According to today’s New York Times, the conceit behind President Obama’s recent attacks on Israel was to redress what he felt was an imbalanced approach to American diplomacy. Apparently the president thinks Secretary of State John Kerry has been too nice to the Israelis during the course of his effort to revive peace talks with the Palestinians. Thus, the president has decided to play “bad cop,” to Kerry’s “good cop” in dealings with Israeli Prime Minister Netanyahu. While the president’s assumption of the role of the bully in his Bloomberg interview with Jeffrey Goldberg was entirely convincing, the Israelis may be forgiven for wondering when the good cop will start making nice with them. This is, after all, the same secretary that has threatened Israel with boycotts and even a third intifada if they were not sufficiently forthcoming in the negotiations, leaving the impression that the American tandem was conducting a coordinated campaign of pressure rather than a more nuanced effort to convince Jerusalem to make concessions.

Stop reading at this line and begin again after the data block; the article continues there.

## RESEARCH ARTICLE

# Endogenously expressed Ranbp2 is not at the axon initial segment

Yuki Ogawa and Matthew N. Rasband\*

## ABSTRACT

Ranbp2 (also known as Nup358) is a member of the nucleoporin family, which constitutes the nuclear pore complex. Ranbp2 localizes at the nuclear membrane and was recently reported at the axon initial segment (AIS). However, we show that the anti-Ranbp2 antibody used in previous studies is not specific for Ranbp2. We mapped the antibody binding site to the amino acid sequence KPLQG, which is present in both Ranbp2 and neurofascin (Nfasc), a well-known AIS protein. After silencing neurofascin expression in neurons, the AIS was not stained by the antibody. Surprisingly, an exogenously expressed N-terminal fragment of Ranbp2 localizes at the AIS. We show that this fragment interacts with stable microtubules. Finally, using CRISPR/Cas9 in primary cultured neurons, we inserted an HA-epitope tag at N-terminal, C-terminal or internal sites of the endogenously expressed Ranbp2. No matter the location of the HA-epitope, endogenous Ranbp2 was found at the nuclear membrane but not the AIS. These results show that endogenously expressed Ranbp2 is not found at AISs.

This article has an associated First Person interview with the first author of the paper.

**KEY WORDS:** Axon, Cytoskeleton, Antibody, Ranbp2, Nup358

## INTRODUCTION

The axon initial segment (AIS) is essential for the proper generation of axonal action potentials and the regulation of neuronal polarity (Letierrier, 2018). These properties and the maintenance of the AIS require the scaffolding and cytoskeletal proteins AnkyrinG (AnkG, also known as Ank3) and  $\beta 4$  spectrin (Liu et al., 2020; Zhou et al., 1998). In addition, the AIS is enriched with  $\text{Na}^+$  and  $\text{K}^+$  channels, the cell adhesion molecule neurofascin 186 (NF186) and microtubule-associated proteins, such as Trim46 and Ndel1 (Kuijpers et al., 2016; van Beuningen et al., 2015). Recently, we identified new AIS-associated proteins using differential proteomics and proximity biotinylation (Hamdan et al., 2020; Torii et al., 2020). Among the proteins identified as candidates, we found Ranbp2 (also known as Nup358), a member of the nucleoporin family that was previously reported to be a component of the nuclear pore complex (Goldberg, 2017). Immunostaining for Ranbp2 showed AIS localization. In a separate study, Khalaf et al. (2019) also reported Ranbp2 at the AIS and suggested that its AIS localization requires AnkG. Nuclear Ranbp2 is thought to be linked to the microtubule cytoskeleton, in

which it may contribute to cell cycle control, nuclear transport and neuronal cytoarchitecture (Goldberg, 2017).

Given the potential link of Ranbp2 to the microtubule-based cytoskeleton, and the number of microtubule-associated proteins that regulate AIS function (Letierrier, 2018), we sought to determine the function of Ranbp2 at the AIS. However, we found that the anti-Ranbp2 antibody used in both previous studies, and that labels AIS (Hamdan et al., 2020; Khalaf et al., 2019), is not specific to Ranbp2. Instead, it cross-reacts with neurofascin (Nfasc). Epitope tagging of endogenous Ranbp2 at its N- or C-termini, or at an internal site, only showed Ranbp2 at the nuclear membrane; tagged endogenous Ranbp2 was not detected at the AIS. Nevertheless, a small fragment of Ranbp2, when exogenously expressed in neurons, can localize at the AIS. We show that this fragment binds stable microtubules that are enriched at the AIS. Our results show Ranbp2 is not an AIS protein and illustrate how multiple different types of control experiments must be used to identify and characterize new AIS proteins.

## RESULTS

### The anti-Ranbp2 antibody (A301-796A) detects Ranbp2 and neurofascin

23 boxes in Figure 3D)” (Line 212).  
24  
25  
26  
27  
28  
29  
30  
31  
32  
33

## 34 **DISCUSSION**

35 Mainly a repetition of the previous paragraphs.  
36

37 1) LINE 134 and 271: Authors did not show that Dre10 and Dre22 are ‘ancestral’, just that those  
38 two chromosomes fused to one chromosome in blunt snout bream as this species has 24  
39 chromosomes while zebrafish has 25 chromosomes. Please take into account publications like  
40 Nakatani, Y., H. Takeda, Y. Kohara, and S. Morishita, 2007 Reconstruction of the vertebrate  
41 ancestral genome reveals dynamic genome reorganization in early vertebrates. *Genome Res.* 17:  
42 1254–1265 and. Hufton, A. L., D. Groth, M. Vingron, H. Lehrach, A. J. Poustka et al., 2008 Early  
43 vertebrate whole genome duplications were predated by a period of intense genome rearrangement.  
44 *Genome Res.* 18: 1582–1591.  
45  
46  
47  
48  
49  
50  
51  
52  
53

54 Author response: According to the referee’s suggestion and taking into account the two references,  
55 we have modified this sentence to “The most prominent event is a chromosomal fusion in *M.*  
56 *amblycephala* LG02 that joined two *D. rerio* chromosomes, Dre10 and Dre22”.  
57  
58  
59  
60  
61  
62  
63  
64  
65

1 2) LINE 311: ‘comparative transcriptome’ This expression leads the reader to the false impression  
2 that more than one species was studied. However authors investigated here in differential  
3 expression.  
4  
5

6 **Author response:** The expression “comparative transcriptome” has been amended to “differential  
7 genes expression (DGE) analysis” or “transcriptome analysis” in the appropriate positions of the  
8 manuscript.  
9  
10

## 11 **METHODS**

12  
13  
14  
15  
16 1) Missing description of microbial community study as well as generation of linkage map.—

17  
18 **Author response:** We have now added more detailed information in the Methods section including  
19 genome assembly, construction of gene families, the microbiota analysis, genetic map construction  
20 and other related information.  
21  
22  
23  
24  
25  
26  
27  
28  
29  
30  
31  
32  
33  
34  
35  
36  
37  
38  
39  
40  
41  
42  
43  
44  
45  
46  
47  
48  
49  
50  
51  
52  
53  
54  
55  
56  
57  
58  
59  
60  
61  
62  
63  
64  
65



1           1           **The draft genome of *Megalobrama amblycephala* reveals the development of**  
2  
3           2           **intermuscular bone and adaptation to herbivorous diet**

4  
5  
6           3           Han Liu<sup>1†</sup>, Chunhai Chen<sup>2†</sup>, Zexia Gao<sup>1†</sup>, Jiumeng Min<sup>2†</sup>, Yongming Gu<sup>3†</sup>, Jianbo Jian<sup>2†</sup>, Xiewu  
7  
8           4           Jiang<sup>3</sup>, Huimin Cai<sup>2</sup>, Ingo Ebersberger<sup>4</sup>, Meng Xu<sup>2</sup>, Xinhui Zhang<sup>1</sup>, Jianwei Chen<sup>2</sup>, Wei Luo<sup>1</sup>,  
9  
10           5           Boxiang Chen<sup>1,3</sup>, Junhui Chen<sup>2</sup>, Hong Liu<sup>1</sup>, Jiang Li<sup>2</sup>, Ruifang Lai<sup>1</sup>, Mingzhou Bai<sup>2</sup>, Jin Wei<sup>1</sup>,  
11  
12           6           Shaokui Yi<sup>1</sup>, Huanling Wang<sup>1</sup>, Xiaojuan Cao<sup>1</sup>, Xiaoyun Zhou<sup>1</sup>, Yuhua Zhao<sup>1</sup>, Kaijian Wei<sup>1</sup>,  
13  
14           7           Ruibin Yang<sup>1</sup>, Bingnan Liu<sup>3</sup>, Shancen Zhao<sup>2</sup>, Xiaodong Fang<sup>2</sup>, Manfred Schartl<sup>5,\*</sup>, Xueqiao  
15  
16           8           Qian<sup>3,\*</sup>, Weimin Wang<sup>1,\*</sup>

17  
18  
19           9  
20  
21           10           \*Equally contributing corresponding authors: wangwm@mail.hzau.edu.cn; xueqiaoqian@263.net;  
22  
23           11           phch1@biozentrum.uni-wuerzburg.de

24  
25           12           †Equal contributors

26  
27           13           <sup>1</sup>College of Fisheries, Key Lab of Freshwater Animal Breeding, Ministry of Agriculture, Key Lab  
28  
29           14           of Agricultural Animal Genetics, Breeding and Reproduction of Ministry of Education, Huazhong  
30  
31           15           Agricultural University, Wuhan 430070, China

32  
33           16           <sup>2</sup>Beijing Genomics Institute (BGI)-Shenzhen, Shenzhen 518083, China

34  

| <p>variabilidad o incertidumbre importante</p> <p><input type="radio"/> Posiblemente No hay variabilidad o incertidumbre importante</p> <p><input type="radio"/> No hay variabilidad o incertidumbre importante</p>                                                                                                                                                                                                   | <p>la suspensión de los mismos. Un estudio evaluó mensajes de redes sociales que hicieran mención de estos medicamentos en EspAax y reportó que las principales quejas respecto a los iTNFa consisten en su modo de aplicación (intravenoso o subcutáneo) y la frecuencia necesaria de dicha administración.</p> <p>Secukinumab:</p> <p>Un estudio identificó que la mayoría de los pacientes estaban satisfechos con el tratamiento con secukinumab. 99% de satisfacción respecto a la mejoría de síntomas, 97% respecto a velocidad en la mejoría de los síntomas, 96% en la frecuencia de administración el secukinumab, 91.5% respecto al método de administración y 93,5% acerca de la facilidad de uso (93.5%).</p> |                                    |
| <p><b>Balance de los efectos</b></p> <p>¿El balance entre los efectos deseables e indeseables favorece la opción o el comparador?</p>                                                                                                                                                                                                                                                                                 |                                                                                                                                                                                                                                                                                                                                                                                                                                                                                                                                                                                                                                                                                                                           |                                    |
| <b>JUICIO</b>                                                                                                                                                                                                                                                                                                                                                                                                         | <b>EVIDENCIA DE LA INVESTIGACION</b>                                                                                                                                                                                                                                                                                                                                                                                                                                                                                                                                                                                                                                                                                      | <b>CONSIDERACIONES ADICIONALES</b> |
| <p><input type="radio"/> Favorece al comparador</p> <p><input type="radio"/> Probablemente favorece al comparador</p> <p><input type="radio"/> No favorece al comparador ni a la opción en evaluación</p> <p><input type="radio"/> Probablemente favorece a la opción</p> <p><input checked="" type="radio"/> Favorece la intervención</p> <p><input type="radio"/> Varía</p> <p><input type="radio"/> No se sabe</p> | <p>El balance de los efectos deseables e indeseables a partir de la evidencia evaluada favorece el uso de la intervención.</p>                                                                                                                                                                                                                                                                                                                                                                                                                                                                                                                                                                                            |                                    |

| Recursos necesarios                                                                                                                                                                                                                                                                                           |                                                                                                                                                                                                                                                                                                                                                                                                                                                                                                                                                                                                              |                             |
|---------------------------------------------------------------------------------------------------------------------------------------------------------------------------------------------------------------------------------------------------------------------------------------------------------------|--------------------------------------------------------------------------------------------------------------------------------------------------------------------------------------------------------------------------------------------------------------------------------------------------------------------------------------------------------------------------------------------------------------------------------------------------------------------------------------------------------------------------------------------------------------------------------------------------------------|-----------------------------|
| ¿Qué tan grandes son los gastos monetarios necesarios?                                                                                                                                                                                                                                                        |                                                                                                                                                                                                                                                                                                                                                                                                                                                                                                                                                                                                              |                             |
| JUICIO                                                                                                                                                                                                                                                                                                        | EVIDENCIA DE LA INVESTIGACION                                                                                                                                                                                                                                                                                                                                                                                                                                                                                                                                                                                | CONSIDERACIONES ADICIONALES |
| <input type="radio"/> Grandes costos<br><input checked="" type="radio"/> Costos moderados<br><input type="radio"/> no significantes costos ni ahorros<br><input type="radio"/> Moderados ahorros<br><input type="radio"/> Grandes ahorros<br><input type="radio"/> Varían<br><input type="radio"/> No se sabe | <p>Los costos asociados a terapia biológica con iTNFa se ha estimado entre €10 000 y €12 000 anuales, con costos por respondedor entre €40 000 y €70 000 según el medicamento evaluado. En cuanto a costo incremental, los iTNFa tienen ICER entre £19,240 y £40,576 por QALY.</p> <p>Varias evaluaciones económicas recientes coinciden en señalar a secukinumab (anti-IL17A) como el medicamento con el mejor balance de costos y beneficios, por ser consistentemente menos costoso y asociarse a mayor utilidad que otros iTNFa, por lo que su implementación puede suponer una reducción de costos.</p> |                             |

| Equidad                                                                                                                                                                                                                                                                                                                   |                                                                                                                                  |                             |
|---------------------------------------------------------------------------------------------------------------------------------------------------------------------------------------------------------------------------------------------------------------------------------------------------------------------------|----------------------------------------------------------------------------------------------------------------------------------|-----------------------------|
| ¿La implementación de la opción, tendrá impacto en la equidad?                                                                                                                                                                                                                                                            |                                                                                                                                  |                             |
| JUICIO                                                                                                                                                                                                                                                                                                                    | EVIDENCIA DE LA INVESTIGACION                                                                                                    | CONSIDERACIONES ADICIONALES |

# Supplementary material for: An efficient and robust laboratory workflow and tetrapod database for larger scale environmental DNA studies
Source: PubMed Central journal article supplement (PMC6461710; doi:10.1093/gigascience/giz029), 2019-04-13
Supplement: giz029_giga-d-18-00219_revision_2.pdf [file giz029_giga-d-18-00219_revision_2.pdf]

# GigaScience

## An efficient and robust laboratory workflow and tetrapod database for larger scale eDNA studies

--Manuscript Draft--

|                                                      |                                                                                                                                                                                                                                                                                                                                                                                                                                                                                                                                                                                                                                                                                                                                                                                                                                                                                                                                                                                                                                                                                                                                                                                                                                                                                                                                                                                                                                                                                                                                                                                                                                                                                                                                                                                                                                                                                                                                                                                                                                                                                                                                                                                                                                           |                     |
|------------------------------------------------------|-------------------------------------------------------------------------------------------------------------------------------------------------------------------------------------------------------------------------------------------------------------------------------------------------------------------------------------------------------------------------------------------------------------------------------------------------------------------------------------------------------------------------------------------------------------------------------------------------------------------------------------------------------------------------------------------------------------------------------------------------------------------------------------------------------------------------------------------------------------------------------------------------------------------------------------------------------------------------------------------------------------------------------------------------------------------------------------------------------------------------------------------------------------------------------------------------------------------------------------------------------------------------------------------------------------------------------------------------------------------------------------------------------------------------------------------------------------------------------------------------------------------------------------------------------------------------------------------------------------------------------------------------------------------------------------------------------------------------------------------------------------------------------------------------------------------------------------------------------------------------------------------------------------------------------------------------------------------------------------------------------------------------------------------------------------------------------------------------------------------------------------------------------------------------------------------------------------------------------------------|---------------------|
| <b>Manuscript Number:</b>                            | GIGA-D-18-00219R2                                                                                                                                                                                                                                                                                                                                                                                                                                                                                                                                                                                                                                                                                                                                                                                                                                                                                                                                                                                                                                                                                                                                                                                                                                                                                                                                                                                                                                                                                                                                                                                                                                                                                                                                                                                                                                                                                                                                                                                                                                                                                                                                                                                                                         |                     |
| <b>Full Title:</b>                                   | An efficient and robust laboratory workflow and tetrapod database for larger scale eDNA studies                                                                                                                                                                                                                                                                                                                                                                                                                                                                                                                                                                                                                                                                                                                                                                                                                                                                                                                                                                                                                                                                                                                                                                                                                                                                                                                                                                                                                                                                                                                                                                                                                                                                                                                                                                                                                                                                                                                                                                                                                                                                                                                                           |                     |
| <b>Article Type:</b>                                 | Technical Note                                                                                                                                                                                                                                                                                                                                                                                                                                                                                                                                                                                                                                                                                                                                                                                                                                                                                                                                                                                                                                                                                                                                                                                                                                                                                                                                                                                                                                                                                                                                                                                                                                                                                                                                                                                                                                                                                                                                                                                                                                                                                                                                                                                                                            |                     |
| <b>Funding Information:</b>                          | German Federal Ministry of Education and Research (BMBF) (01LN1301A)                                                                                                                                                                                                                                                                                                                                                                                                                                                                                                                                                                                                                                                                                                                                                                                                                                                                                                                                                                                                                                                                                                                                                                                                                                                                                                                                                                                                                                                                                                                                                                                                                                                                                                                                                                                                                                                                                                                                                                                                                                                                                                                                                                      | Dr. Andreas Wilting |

Having paid for Palestinian participation in the talks with the release over 100 terrorist murderers and reportedly already conceded a withdrawal from at least 90 percent of the West Bank once the talks began, the Israelis had good reason to be surprised by Obama’s decision to pile. But while Washington has been obsessively focused on forcing the Israelis to accept a two-state solution and a framework for negotiations that they have already agreed to, the administration seems equally determined to ignore what the Palestinians are doing. Thus the statements from Palestinian Authority leader Mahmoud Abbas, who received fulsome praise from the president for his commitment to peace, that he will never agree to a key element of Kerry’s framework is being ignored by the White House.